A trade mark must be capable of distinguishing the goods or services in relation to which the mark is used or proposed to be used, from the same kind of goods or services connected in the course of trade with any other person.

If your trade mark includes text (one or more words) you may wish to consider the following commonly used criteria for creating, designing or selecting it:

• The sign should be easy to read, spell, pronounce and remember in all relevant languages

• It should have no adverse meaning in slang or undesirable connotations;

• It should be suitable for export markets with no adverse meaning in foreign languages, especially if you intend to commercialize the product abroad

• It should not create confusion as to the nature of the product

• It should be adaptable to all advertising media.

A mark may not be registered if:

– the use of the mark would lead to confusion.
– the mark comprises or contains scandalous material.
– the mark is prescribed as a prohibited mark.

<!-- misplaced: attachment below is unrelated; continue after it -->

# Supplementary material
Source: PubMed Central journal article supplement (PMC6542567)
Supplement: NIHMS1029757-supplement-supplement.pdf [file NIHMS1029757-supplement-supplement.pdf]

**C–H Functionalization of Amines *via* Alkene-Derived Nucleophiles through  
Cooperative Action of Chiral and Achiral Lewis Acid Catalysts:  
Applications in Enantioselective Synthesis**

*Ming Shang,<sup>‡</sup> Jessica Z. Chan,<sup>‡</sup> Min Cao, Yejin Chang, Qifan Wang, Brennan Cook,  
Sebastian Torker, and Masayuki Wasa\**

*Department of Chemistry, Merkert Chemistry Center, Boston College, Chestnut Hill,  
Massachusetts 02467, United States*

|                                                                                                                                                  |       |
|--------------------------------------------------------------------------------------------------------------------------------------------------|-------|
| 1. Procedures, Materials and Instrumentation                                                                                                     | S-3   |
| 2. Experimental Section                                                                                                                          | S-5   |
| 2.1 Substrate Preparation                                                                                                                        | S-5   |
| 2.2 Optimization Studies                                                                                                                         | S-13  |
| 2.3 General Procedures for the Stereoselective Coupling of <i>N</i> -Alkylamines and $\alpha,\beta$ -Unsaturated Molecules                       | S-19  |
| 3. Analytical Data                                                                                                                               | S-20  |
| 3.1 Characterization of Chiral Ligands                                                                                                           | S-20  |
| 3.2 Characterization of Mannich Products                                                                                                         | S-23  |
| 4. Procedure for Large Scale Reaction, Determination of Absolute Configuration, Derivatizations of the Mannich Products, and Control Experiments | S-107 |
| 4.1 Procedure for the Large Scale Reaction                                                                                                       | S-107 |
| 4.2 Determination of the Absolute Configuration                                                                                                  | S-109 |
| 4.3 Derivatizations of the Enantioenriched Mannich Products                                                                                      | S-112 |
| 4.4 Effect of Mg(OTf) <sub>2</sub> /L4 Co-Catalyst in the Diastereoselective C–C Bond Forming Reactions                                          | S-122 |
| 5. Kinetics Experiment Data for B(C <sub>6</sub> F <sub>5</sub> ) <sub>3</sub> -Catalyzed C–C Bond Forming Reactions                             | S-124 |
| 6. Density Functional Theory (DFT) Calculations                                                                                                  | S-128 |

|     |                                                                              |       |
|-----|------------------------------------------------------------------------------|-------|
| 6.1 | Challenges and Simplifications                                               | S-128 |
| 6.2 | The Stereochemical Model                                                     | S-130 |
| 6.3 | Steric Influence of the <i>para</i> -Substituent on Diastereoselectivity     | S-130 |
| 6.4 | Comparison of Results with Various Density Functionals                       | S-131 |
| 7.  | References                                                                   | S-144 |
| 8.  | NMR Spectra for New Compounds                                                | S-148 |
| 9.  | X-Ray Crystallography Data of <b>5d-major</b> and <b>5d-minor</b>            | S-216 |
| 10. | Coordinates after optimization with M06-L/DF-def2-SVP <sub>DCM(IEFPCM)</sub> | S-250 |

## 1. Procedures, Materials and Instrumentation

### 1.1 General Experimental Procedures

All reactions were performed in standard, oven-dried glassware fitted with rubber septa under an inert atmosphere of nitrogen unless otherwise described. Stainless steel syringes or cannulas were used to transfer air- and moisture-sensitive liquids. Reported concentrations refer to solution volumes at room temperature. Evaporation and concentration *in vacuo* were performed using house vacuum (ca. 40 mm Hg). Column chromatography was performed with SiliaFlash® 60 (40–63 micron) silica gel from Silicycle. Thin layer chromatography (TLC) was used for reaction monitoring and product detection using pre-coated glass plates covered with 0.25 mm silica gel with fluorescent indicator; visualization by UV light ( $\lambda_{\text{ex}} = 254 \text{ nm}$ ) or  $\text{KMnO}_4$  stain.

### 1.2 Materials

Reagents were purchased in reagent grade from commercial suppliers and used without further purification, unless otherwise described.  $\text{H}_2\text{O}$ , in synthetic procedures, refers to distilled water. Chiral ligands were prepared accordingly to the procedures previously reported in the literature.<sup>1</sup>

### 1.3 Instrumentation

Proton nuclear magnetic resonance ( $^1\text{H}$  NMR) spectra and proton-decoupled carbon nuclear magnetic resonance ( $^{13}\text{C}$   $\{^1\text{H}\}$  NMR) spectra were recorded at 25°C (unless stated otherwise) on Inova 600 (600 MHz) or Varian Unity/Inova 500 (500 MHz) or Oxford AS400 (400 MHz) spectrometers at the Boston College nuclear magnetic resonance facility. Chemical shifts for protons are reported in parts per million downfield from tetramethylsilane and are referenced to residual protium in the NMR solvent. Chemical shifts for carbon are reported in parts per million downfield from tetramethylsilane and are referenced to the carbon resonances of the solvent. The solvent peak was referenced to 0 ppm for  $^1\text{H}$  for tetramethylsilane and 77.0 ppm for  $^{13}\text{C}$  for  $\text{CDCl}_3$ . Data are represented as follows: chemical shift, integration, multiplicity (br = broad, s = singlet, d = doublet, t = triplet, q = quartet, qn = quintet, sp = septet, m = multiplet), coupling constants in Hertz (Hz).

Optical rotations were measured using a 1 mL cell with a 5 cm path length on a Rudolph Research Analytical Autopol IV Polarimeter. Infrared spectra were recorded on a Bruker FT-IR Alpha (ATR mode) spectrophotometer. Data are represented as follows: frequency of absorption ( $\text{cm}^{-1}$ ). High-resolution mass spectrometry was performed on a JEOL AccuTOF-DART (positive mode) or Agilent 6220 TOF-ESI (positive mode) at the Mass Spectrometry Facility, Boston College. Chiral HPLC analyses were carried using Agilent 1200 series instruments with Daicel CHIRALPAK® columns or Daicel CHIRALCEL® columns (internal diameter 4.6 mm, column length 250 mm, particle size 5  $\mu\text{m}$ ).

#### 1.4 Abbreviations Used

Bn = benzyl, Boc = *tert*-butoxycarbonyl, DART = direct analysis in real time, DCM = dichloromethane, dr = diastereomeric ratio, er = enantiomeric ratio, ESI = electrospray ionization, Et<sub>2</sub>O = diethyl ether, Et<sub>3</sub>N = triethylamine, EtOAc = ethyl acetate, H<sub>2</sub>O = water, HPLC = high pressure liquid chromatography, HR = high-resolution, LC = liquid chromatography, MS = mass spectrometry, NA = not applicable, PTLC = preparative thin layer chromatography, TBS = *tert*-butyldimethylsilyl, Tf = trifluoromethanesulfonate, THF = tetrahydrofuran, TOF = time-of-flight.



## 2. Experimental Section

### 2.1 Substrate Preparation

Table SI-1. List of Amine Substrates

– the use of which would be contrary to the law.
– the mark would not, for any other reason, be entitled to the protection of
a court of law.
– the mark is identical to a trade mark, belonging to a different proprietor, already
on the Register in respect of the same goods or services.
– the mark so clearly represents a trade mark already on the register in respect of
the same goods or services as to cause confusion.

This article has been written for informational purposes only and is not intended to be legal advice. For legal advice on trademark issues, contact our Intellectual Property team.

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